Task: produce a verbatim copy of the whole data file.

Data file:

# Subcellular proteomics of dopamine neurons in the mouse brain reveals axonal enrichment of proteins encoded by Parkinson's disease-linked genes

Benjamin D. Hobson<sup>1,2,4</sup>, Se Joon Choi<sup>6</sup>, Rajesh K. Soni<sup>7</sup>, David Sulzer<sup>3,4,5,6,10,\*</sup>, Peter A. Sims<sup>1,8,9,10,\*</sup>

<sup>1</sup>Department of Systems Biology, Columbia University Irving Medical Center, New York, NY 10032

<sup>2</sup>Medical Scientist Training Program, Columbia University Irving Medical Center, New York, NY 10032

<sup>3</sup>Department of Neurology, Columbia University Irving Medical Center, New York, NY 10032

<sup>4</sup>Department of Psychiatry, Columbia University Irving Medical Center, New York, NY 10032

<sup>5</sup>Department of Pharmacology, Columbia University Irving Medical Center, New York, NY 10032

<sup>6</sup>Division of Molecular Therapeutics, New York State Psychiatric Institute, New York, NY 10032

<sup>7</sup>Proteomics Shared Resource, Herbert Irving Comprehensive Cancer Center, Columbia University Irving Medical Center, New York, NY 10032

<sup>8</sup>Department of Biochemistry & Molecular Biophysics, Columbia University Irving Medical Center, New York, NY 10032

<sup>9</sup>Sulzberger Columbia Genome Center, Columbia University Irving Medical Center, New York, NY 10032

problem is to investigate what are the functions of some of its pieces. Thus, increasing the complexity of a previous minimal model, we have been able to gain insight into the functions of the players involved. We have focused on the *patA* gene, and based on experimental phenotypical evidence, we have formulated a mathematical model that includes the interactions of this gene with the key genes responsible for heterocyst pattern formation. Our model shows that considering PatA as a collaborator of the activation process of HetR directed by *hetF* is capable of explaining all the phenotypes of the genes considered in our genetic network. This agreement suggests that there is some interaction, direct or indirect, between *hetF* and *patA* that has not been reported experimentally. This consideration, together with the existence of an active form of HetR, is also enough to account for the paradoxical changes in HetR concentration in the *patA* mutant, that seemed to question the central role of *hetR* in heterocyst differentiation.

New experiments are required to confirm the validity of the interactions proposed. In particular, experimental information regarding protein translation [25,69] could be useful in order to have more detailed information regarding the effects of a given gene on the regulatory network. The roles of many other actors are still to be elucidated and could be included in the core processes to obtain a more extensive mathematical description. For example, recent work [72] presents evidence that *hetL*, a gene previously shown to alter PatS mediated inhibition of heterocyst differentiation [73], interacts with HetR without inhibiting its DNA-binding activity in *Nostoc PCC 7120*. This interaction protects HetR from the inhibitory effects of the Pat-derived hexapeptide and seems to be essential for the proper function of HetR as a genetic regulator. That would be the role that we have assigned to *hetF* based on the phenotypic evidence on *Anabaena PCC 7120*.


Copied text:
# Subcellular proteomics of dopamine neurons in the mouse brain reveals axonal enrichment of proteins encoded by Parkinson's disease-linked genes

Benjamin D. Hobson<sup>1,2,4</sup>, Se Joon Choi<sup>6</sup>, Rajesh K. Soni<sup>7</sup>, David Sulzer<sup>3,4,5,6,10,\*</sup>, Peter A. Sims<sup>1,8,9,10,\*</sup>

<sup>1</sup>Department of Systems Biology, Columbia University Irving Medical Center, New York, NY 10032

<sup>2</sup>Medical Scientist Training Program, Columbia University Irving Medical Center, New York, NY 10032

<sup>3</sup>Department of Neurology, Columbia University Irving Medical Center, New York, NY 10032

<sup>4</sup>Department of Psychiatry, Columbia University Irving Medical Center, New York, NY 10032

<sup>5</sup>Department of Pharmacology, Columbia University Irving Medical Center, New York, NY 10032

<sup>6</sup>Division of Molecular Therapeutics, New York State Psychiatric Institute, New York, NY 10032

<sup>7</sup>Proteomics Shared Resource, Herbert Irving Comprehensive Cancer Center, Columbia University Irving Medical Center, New York, NY 10032

<sup>8</sup>Department of Biochemistry & Molecular Biophysics, Columbia University Irving Medical Center, New York, NY 10032

<sup>9</sup>Sulzberger Columbia Genome Center, Columbia University Irving Medical Center, New York, NY 10032

problem is to investigate what are the functions of some of its pieces. Thus, increasing the complexity of a previous minimal model, we have been able to gain insight into the functions of the players involved. We have focused on the *patA* gene, and based on experimental phenotypical evidence, we have formulated a mathematical model that includes the interactions of this gene with the key genes responsible for heterocyst pattern formation. Our model shows that considering PatA as a collaborator of the activation process of HetR directed by *hetF* is capable of explaining all the phenotypes of the genes considered in our genetic network. This agreement suggests that there is some interaction, direct or indirect, between *hetF* and *patA* that has not been reported experimentally. This consideration, together with the existence of an active form of HetR, is also enough to account for the paradoxical changes in HetR concentration in the *patA* mutant, that seemed to question the central role of *hetR* in heterocyst differentiation.

New experiments are required to confirm the validity of the interactions proposed. In particular, experimental information regarding protein translation [25,69] could be useful in order to have more detailed information regarding the effects of a given gene on the regulatory network. The roles of many other actors are still to be elucidated and could be included in the core processes to obtain a more extensive mathematical description. For example, recent work [72] presents evidence that *hetL*, a gene previously shown to alter PatS mediated inhibition of heterocyst differentiation [73], interacts with HetR without inhibiting its DNA-binding activity in *Nostoc PCC 7120*. This interaction protects HetR from the inhibitory effects of the Pat-derived hexapeptide and seems to be essential for the proper function of HetR as a genetic regulator. That would be the role that we have assigned to *hetF* based on the phenotypic evidence on *Anabaena PCC 7120*.